The ALJ “need not evaluate in writing every piece of testimony and evidence submitted.”
Carlson v. Shalala, 999 F.2d 180, 181 (7th Cir. 1993). However, the “ALJ’s decision must be
based upon consideration of all the relevant evidence.” Herron v. Shalala, 19 F.3d 329, 333 (7th
Cir. 1994). The ALJ is required to articulate only a minimal, but legitimate, justification for his
acceptance or rejection of specific evidence of disability. Scheck v. Barnhart, 357 F.3d 697, 700
(7th Cir. 2004).
THE ALJ’S DECISION
The ALJ first determined that Posey met the insured status requirement of the Act through
March 31, 2011. The ALJ then began the five-step analysis. At step one, the ALJ concluded that
Posey had not engaged in substantial gainful activity since February 1, 2007, the alleged onset
date. At step two, the ALJ found that Posey had the following severe impairments: cervical,
thoracic, and lumbar degenerative disc disease, diverticulitis, history of MRSA infection, obesity,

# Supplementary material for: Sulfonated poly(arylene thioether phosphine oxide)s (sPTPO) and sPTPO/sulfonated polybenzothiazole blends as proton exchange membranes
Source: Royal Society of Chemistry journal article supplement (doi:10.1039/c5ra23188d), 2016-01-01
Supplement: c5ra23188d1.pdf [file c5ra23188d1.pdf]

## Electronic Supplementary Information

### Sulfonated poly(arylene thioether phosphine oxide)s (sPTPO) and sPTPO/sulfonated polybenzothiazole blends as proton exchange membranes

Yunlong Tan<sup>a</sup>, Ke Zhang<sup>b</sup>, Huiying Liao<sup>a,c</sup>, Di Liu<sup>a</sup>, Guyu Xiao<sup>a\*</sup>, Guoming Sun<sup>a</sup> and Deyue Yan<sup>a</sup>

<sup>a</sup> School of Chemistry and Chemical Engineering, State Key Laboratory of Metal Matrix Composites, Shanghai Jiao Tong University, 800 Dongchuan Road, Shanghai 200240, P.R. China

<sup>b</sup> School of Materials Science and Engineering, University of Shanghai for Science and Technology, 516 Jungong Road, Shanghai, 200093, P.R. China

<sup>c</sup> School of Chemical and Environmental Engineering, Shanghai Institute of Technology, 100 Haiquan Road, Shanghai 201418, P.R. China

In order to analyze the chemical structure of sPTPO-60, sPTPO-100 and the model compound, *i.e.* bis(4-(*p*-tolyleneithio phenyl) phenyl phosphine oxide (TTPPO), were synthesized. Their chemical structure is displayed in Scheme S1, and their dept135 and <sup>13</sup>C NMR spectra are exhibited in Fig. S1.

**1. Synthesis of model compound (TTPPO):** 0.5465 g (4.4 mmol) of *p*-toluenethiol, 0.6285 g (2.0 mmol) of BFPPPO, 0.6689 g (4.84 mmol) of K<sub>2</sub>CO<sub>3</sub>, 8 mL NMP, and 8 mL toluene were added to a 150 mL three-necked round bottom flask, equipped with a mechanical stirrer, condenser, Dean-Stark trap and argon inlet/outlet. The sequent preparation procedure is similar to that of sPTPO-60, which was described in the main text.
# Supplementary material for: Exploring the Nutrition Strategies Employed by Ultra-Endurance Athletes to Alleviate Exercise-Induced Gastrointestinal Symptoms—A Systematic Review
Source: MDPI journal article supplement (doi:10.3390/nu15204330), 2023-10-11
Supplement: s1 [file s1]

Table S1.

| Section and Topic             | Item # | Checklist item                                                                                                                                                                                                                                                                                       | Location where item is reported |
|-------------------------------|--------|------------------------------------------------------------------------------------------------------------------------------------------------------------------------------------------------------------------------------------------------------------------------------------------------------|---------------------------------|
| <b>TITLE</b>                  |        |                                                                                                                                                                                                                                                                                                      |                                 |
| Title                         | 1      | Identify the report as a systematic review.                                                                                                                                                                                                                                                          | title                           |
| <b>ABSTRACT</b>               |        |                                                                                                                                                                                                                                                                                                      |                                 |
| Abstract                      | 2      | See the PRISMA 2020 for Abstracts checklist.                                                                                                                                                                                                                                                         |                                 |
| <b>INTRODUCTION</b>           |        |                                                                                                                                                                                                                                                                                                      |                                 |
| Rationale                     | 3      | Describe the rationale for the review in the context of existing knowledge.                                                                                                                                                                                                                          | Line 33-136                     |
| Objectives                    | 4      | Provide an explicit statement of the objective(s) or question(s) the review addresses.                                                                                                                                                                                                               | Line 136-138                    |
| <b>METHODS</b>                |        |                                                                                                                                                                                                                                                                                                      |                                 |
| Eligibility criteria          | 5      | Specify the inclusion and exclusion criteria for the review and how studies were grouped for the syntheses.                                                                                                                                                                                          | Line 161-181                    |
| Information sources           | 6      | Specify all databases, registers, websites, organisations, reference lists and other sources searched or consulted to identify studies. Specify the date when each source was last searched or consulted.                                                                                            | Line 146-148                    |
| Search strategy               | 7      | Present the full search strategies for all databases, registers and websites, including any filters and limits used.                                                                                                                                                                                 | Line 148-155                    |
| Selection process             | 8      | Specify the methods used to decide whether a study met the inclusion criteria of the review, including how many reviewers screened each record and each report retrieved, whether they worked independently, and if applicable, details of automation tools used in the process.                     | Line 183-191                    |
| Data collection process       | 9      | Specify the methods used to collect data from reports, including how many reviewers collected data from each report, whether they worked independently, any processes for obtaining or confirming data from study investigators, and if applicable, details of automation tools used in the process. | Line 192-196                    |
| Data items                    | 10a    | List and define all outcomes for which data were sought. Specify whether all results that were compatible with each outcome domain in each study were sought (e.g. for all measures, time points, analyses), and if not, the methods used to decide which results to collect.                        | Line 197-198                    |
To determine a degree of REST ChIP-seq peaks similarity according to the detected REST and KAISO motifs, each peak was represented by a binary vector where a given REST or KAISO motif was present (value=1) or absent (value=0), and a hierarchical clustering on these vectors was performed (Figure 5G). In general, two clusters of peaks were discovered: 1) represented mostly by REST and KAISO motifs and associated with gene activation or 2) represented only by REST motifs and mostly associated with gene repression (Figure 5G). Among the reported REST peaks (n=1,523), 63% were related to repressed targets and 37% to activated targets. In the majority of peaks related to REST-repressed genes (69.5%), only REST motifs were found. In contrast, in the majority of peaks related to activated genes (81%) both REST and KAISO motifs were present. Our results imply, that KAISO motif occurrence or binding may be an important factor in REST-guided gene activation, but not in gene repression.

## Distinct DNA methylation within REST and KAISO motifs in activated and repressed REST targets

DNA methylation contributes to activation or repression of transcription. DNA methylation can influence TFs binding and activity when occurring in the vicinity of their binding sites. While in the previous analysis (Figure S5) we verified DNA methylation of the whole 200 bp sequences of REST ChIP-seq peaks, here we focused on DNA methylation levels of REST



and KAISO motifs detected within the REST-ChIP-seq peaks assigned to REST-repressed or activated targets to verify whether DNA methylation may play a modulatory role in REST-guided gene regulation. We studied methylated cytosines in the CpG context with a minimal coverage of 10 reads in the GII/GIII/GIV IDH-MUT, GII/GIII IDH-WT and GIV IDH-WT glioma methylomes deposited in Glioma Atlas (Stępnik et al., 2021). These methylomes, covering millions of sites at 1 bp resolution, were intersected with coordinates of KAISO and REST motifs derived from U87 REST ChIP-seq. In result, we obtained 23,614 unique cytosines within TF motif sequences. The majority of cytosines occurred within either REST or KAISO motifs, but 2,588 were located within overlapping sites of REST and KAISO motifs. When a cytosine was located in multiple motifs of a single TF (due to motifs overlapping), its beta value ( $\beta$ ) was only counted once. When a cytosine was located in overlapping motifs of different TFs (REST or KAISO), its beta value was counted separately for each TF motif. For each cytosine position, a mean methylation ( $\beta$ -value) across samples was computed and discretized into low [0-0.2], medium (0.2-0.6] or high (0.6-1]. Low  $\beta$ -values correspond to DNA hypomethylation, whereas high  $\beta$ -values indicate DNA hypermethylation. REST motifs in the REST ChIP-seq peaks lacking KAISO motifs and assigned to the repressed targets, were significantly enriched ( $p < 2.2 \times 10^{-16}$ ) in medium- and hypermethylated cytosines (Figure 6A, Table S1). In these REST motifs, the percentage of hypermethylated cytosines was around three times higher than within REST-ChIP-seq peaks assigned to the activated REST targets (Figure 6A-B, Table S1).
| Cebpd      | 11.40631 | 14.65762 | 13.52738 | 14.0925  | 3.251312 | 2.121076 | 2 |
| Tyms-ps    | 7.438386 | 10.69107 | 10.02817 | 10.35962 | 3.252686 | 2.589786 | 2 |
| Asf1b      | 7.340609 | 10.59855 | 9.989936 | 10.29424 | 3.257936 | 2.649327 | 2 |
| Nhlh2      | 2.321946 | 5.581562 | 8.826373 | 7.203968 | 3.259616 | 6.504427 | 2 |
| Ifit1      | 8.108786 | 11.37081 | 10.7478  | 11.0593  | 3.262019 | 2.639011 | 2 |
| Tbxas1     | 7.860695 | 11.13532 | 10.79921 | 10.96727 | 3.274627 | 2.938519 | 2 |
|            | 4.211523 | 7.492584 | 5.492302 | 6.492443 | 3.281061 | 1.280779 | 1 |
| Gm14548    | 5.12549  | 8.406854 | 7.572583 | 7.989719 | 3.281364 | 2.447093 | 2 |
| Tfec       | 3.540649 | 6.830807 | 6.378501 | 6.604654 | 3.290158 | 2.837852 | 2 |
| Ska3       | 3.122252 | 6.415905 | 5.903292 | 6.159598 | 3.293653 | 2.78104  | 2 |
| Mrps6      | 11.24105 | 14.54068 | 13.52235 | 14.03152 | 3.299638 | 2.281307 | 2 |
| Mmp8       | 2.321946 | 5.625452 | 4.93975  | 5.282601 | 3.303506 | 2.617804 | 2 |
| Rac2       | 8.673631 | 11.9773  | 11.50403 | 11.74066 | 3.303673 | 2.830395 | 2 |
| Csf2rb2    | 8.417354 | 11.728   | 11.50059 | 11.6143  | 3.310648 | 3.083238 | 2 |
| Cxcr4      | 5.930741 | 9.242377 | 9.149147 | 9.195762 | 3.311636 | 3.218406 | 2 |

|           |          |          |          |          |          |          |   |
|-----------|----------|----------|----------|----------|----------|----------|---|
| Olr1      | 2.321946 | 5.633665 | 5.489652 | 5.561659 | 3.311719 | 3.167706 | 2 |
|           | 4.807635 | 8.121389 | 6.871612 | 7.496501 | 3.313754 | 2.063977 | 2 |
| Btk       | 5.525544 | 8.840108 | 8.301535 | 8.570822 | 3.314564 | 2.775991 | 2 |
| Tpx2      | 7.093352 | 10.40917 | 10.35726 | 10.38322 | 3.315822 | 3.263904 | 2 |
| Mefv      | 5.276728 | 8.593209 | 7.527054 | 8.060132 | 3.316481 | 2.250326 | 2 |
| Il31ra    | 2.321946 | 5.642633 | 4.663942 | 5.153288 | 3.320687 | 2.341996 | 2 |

anxiety, and depression. The ALJ also found that Posey suffered from medically determinable
impairments of headaches and hypertension, but these two impairments were not severe. At step
three, the ALJ concluded that Posey does not have an impairment or combination of impairments
that meets or medically equals the severity of one of the listed impairments in 20 C.F.R. Part 404,
Subpart P, Appendix 1.
The ALJ then determined that Posey had an RFC to perform sedentary work, but with the
claimant can occasionally lift and carry twenty pounds occasionally and frequently
lift and carry ten pounds. The claimant can stand or walk two hours of an eighthour workday and sit for six hours of an eight-hour workday. The claimant can
occasionally climb ramps and stairs but never ladders, ropes, or scaffolds. She can
occasionally balance, stoop, kneel, and crouch, but cannot crawl. The claimant is
limited to performing simple, routine, unskilled tasks away from the general public.
The work must not involve health care or food preparation. She must avoid all
exposure to hazards such as work unprotected heights and dangerous machinery.
(Filing No. 14-2 at 23.) At step four, the ALJ found that Posey had past relevant work as a medical
assistant, warehouse worker, and receptionist, which Posey is unable to perform. At step five, the
ALJ determined that Posey was not disabled because there were jobs that existed in significant
numbers in the national economy that Posey could perform, considering her age, education, work